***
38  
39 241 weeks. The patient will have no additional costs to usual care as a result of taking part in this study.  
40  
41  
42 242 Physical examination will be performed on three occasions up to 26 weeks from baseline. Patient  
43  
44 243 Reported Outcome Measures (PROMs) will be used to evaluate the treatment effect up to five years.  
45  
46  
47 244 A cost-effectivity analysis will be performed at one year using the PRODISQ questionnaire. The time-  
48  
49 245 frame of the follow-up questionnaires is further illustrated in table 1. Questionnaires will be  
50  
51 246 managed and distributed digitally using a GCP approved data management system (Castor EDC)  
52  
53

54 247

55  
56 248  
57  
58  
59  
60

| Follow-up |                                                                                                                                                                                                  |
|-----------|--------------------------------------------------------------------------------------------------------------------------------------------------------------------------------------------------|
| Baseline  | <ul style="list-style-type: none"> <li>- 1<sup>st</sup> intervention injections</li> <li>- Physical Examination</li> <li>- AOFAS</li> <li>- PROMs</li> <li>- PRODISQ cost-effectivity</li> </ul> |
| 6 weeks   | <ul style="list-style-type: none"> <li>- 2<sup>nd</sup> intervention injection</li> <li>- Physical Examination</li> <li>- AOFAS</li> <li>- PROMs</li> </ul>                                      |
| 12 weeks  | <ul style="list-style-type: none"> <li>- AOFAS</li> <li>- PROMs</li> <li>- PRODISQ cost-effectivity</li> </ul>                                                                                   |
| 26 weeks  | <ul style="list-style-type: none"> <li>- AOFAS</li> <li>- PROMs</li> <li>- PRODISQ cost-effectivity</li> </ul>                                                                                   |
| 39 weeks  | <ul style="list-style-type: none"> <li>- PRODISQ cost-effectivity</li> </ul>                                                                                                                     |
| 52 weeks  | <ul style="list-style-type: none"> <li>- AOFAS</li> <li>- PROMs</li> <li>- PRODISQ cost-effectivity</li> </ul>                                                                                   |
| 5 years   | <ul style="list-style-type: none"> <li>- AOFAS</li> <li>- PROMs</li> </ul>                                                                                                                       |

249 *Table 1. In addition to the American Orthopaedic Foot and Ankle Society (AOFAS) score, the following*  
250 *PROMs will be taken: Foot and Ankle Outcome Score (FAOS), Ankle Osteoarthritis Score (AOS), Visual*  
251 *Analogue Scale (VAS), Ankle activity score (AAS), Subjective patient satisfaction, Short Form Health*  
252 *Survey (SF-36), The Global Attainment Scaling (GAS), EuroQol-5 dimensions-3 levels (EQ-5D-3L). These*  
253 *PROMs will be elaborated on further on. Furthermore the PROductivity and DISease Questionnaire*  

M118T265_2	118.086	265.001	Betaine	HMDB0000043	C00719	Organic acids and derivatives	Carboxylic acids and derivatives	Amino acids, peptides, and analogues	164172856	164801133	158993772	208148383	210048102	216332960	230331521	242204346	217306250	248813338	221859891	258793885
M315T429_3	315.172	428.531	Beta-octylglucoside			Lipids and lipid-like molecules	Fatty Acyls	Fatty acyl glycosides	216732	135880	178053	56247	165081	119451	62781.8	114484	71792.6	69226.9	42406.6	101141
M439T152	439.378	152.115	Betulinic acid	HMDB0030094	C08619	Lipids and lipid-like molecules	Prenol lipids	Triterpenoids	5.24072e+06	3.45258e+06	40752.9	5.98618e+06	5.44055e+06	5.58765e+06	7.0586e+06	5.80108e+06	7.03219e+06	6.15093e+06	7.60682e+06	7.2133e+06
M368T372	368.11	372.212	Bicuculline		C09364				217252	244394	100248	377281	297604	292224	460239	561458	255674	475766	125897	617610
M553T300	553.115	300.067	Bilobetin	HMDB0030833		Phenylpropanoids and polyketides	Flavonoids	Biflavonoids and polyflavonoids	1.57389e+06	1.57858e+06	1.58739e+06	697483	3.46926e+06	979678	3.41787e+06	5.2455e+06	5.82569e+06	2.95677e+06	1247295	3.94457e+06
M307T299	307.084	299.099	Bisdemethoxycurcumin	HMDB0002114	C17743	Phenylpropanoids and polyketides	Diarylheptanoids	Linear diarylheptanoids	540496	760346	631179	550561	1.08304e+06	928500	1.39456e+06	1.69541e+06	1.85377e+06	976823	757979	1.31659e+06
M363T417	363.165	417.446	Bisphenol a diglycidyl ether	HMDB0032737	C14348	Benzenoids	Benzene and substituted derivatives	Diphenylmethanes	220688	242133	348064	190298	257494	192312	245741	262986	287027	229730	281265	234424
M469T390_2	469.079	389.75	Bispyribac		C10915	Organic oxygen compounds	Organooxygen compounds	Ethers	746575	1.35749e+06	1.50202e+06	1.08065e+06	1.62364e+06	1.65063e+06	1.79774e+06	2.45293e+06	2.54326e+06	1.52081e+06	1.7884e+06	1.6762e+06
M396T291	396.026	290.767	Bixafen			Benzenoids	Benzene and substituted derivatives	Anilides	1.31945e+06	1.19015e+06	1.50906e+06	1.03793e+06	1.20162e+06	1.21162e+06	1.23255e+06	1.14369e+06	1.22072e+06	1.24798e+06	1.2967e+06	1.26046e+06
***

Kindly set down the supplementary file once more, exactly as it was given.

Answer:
38  
39 241 weeks. The patient will have no additional costs to usual care as a result of taking part in this study.  
40  
41  
42 242 Physical examination will be performed on three occasions up to 26 weeks from baseline. Patient  
43  
44 243 Reported Outcome Measures (PROMs) will be used to evaluate the treatment effect up to five years.  
45  
46  
47 244 A cost-effectivity analysis will be performed at one year using the PRODISQ questionnaire. The time-  
48  
49 245 frame of the follow-up questionnaires is further illustrated in table 1. Questionnaires will be  
50  
51 246 managed and distributed digitally using a GCP approved data management system (Castor EDC)  
52  
53

54 247

55  
56 248  
57  
58  
59  
60

| Follow-up |                                                                                                                                                                                                  |
|-----------|--------------------------------------------------------------------------------------------------------------------------------------------------------------------------------------------------|
| Baseline  | <ul style="list-style-type: none"> <li>- 1<sup>st</sup> intervention injections</li> <li>- Physical Examination</li> <li>- AOFAS</li> <li>- PROMs</li> <li>- PRODISQ cost-effectivity</li> </ul> |
| 6 weeks   | <ul style="list-style-type: none"> <li>- 2<sup>nd</sup> intervention injection</li> <li>- Physical Examination</li> <li>- AOFAS</li> <li>- PROMs</li> </ul>                                      |
| 12 weeks  | <ul style="list-style-type: none"> <li>- AOFAS</li> <li>- PROMs</li> <li>- PRODISQ cost-effectivity</li> </ul>                                                                                   |
| 26 weeks  | <ul style="list-style-type: none"> <li>- AOFAS</li> <li>- PROMs</li> <li>- PRODISQ cost-effectivity</li> </ul>                                                                                   |
| 39 weeks  | <ul style="list-style-type: none"> <li>- PRODISQ cost-effectivity</li> </ul>                                                                                                                     |
| 52 weeks  | <ul style="list-style-type: none"> <li>- AOFAS</li> <li>- PROMs</li> <li>- PRODISQ cost-effectivity</li> </ul>                                                                                   |
| 5 years   | <ul style="list-style-type: none"> <li>- AOFAS</li> <li>- PROMs</li> </ul>                                                                                                                       |

249 *Table 1. In addition to the American Orthopaedic Foot and Ankle Society (AOFAS) score, the following*  
250 *PROMs will be taken: Foot and Ankle Outcome Score (FAOS), Ankle Osteoarthritis Score (AOS), Visual*  
251 *Analogue Scale (VAS), Ankle activity score (AAS), Subjective patient satisfaction, Short Form Health*  
252 *Survey (SF-36), The Global Attainment Scaling (GAS), EuroQol-5 dimensions-3 levels (EQ-5D-3L). These*  
253 *PROMs will be elaborated on further on. Furthermore the PROductivity and DISease Questionnaire*  

M118T265_2	118.086	265.001	Betaine	HMDB0000043	C00719	Organic acids and derivatives	Carboxylic acids and derivatives	Amino acids, peptides, and analogues	164172856	164801133	158993772	208148383	210048102	216332960	230331521	242204346	217306250	248813338	221859891	258793885
M315T429_3	315.172	428.531	Beta-octylglucoside			Lipids and lipid-like molecules	Fatty Acyls	Fatty acyl glycosides	216732	135880	178053	56247	165081	119451	62781.8	114484	71792.6	69226.9	42406.6	101141
M439T152	439.378	152.115	Betulinic acid	HMDB0030094	C08619	Lipids and lipid-like molecules	Prenol lipids	Triterpenoids	5.24072e+06	3.45258e+06	40752.9	5.98618e+06	5.44055e+06	5.58765e+06	7.0586e+06	5.80108e+06	7.03219e+06	6.15093e+06	7.60682e+06	7.2133e+06
M368T372	368.11	372.212	Bicuculline		C09364				217252	244394	100248	377281	297604	292224	460239	561458	255674	475766	125897	617610
M553T300	553.115	300.067	Bilobetin	HMDB0030833		Phenylpropanoids and polyketides	Flavonoids	Biflavonoids and polyflavonoids	1.57389e+06	1.57858e+06	1.58739e+06	697483	3.46926e+06	979678	3.41787e+06	5.2455e+06	5.82569e+06	2.95677e+06	1247295	3.94457e+06
M307T299	307.084	299.099	Bisdemethoxycurcumin	HMDB0002114	C17743	Phenylpropanoids and polyketides	Diarylheptanoids	Linear diarylheptanoids	540496	760346	631179	550561	1.08304e+06	928500	1.39456e+06	1.69541e+06	1.85377e+06	976823	757979	1.31659e+06
M363T417	363.165	417.446	Bisphenol a diglycidyl ether	HMDB0032737	C14348	Benzenoids	Benzene and substituted derivatives	Diphenylmethanes	220688	242133	348064	190298	257494	192312	245741	262986	287027	229730	281265	234424
M469T390_2	469.079	389.75	Bispyribac		C10915	Organic oxygen compounds	Organooxygen compounds	Ethers	746575	1.35749e+06	1.50202e+06	1.08065e+06	1.62364e+06	1.65063e+06	1.79774e+06	2.45293e+06	2.54326e+06	1.52081e+06	1.7884e+06	1.6762e+06
M396T291	396.026	290.767	Bixafen			Benzenoids	Benzene and substituted derivatives	Anilides	1.31945e+06	1.19015e+06	1.50906e+06	1.03793e+06	1.20162e+06	1.21162e+06	1.23255e+06	1.14369e+06	1.22072e+06	1.24798e+06	1.2967e+06	1.26046e+06